The Philippines is one of the countries in developing Asia where factoring and receivables finance is expected to take a stronger hold with the passage of the Personal Property Security Act (PPSA), according to a factoring executive.
Lee Kheng Leong, Asia chapter director of FCI, a Netherlands-headquartered global factoring network and association claiming close to 400 members in 90 countries, predicts the emergence of factoring and receivables finance and other alternative forms of funding in the Philippines with the recent enactment of PPSA.
The new law, Republic Act (RA) 11057, was signed by President Rodrigo Duterte on 17 August.
RA 11057 expands the list of assets acceptable to banks and other financial institutions as collateral and expected to allow small and medium-scale enterprises (SME), as well as farmers and fisherfolk, greater access to credit.
Under this law, acceptable movable assets that can be used as loan collaterals include personal property other than land or real estate, such as farming equipment and machines used in business operation, crops or produce, warehouse inventory and receipts, intangibles (i.e. intellectual property) and accounts receivable.
Lee, during a recent presentation in Manila said accounts receivables are used in factoring and receivables finance, a financing method in which an enterprise sells its accounts receivable at a discount to a third-party funding source to raise capital.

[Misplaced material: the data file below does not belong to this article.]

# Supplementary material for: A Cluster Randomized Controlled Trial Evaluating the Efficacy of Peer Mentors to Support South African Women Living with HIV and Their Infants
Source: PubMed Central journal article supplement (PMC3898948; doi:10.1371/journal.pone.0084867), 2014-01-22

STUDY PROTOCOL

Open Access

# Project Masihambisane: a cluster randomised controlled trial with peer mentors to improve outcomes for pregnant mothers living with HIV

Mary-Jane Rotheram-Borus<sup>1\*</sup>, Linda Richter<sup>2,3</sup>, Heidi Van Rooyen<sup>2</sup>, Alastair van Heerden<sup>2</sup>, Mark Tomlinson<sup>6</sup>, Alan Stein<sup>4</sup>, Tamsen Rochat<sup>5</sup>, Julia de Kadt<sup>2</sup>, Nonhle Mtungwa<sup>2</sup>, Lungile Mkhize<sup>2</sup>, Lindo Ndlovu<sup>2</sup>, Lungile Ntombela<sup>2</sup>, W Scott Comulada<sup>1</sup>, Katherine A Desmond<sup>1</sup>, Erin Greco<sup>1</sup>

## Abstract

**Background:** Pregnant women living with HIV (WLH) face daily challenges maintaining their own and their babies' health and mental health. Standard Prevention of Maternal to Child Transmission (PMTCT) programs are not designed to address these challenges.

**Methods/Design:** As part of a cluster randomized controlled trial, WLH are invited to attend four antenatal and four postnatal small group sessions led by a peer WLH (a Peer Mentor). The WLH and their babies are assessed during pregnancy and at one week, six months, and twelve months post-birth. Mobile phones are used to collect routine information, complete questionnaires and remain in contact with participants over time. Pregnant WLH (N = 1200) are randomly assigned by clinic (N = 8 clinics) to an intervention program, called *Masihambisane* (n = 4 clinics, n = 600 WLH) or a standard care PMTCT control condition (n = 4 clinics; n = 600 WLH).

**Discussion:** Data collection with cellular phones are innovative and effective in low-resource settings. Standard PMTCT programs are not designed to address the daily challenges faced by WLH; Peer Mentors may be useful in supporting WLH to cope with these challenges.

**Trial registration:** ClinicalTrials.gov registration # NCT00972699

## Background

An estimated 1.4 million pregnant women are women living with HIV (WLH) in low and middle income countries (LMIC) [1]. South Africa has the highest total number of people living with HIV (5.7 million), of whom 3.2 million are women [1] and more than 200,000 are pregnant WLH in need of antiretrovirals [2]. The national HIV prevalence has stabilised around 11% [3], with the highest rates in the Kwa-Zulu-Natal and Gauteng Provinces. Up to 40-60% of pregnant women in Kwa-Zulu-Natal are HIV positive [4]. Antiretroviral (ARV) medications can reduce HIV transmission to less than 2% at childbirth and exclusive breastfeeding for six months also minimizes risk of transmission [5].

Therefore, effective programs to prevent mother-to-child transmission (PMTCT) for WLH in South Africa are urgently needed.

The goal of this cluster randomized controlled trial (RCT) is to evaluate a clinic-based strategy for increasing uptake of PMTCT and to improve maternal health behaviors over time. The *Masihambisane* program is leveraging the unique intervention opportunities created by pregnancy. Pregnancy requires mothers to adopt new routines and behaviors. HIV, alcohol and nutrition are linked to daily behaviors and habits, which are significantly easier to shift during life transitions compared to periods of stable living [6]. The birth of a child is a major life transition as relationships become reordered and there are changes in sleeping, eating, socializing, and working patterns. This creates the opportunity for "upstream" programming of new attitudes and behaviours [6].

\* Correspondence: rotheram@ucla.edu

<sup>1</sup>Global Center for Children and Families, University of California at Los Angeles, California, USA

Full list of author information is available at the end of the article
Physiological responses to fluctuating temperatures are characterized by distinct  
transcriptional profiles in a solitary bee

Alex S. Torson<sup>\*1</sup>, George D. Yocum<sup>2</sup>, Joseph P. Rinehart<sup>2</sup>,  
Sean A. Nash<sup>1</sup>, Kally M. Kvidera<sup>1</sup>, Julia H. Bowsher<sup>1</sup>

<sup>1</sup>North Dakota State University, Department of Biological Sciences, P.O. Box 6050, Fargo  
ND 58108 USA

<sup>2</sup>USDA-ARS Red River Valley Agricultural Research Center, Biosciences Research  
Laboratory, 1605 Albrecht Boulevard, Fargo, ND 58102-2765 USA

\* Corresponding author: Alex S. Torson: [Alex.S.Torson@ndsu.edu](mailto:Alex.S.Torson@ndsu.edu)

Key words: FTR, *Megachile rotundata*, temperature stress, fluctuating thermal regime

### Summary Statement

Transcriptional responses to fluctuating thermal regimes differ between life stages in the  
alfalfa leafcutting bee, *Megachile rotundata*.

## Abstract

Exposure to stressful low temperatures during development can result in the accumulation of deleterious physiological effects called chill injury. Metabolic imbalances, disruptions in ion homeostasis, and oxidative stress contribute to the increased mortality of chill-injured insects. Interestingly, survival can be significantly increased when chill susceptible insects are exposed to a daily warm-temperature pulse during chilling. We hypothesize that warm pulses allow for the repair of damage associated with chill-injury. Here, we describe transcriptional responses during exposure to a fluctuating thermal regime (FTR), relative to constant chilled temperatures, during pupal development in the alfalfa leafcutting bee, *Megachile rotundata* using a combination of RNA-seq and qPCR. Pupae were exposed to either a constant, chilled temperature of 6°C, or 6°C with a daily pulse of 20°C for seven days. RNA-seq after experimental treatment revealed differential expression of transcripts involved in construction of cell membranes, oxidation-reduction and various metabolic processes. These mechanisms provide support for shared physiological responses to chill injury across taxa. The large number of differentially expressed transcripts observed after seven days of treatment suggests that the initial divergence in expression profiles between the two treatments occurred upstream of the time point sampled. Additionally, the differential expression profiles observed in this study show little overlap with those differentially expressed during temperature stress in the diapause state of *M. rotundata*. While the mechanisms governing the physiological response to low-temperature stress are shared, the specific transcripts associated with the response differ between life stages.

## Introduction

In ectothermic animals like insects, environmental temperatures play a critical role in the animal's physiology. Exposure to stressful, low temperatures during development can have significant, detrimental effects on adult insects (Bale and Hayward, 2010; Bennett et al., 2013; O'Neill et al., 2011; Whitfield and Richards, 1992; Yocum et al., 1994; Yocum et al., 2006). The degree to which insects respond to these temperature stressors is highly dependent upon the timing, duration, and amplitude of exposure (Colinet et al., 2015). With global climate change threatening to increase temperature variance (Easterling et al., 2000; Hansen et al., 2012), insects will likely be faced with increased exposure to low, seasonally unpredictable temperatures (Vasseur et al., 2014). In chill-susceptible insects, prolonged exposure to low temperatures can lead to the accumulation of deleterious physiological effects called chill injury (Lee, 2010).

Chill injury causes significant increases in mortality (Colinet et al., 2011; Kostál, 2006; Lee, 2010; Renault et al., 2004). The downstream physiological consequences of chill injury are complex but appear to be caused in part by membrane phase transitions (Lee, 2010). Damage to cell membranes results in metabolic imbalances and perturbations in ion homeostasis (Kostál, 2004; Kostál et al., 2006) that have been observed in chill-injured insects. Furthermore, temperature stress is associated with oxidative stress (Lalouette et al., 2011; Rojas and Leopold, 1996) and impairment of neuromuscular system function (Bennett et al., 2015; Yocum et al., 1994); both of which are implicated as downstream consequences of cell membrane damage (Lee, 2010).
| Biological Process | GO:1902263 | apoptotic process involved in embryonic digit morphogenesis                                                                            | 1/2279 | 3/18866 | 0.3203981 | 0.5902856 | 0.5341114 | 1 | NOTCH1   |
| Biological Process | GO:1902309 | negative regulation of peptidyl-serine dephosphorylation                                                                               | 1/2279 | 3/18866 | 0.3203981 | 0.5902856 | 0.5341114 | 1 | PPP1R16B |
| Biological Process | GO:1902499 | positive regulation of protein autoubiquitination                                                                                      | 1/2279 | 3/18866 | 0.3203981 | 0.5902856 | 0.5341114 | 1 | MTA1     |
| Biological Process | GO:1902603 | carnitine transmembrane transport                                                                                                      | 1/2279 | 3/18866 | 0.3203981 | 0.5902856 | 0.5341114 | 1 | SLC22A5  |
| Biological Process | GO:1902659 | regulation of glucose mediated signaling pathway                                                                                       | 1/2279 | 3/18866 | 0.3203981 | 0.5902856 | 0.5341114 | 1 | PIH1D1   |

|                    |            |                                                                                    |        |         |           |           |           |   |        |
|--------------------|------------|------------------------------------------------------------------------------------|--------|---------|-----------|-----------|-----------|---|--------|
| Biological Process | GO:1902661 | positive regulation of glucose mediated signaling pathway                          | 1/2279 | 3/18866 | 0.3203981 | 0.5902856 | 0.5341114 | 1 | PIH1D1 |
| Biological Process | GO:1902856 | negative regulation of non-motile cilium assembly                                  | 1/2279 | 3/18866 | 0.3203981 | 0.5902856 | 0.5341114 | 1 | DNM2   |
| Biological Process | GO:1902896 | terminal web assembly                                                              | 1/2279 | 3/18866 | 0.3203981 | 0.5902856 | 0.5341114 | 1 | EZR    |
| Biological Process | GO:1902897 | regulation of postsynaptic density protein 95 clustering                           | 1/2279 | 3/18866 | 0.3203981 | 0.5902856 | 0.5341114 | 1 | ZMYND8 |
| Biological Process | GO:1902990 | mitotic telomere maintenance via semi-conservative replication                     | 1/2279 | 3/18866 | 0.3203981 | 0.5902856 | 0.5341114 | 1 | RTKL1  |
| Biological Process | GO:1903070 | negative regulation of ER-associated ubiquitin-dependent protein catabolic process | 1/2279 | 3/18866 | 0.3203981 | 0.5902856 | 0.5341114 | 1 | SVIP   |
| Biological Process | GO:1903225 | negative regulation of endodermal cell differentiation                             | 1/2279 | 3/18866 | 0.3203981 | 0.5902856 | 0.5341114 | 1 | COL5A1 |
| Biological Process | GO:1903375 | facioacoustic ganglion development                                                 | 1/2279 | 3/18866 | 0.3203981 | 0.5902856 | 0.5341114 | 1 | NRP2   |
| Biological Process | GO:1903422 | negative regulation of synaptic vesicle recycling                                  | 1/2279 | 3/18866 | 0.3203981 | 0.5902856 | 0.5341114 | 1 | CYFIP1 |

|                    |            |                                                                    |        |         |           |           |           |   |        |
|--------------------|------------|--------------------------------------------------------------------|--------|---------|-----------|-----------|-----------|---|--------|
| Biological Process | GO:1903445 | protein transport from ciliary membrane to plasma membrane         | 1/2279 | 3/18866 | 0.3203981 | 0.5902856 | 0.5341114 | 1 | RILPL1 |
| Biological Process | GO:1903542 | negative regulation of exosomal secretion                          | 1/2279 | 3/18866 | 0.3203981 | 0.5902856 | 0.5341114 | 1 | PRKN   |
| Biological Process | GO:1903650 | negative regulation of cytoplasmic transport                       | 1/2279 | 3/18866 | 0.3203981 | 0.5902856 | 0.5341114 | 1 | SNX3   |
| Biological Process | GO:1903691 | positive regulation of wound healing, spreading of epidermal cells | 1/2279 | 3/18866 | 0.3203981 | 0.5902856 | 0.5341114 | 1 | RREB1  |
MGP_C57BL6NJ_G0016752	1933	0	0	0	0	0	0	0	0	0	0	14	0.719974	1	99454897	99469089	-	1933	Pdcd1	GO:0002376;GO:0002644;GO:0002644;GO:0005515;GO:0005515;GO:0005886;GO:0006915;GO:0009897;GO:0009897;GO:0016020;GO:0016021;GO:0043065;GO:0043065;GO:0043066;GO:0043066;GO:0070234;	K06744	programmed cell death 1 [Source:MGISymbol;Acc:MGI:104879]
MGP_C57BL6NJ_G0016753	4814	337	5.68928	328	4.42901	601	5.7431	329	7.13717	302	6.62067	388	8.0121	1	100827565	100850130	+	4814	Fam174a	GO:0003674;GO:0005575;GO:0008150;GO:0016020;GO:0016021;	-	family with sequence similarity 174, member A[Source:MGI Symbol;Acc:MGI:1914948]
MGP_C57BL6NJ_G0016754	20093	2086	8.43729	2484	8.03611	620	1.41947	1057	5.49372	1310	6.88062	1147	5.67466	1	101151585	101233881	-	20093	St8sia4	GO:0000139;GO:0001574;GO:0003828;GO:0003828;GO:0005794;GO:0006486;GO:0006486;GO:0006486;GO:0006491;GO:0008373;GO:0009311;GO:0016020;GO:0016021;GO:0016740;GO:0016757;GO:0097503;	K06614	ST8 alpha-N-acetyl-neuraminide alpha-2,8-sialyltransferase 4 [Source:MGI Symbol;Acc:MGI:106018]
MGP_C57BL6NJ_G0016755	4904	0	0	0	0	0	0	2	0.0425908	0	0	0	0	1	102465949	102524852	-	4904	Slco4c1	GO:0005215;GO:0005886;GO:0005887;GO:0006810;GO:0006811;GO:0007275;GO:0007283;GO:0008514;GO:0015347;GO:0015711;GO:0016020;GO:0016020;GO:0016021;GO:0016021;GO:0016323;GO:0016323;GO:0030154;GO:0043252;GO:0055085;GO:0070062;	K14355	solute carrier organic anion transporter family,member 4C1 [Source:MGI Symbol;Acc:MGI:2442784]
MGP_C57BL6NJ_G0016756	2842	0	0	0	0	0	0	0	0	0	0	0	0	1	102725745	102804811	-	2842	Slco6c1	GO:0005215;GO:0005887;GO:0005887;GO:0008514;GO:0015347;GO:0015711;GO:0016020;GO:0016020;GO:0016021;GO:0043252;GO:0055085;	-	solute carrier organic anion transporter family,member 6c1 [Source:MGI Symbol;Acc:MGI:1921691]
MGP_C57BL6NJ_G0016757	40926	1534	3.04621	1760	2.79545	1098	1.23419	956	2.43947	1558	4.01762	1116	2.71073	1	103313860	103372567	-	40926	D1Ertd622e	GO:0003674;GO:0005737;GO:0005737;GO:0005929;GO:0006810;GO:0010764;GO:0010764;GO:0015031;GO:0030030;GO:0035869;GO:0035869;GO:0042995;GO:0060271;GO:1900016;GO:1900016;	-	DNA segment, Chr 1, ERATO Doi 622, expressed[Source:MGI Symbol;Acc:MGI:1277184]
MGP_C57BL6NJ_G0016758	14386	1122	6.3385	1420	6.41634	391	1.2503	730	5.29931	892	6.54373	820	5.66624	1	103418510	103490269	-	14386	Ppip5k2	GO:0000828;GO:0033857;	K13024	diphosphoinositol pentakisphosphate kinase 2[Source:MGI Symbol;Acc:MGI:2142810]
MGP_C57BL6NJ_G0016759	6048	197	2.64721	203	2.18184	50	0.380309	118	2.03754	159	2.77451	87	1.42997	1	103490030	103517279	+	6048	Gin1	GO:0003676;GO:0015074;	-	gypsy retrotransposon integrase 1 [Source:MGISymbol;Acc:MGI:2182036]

An account receivable is the amount of money owed by a customer to a business entity for goods or services delivered or used on credit but not yet paid for by the client.
Lee explained how factoring works: The entrepreneur sells to the factor (third-party funding source, such as FCI) its accounts receivable, and the factor in turn pays the enterprise the value of the sales invoice, minus commission and other charges. The factor will then be the one to follow up and secure the payment from the client for the goods or services that have delivered by the enterprise.
Lee said that with factoring, the SME is assured of immediate payment of its accounts receivable, giving it the capital needed to continue production, pay wages, and buy materials and equipment, while the factor takes on the task of getting the payment from the client and the risk of potential non-payment.
SME have long encountered difficulties in getting bank loans as they are often considered to be high risk, lacking traditional collateral like real estate and having a strong possibility of failure. With factoring, they have an alternative way to acquire capital and stay competitive, said Lee.
He added that in Asia-Pacific, China’s factoring volume has grown significantly, while factoring demand continues to increase in Hong Kong, Singapore and Taiwan.
Good growth is also seen in developing nations such as India, Malaysia, Thailand, Vietnam and the Philippines.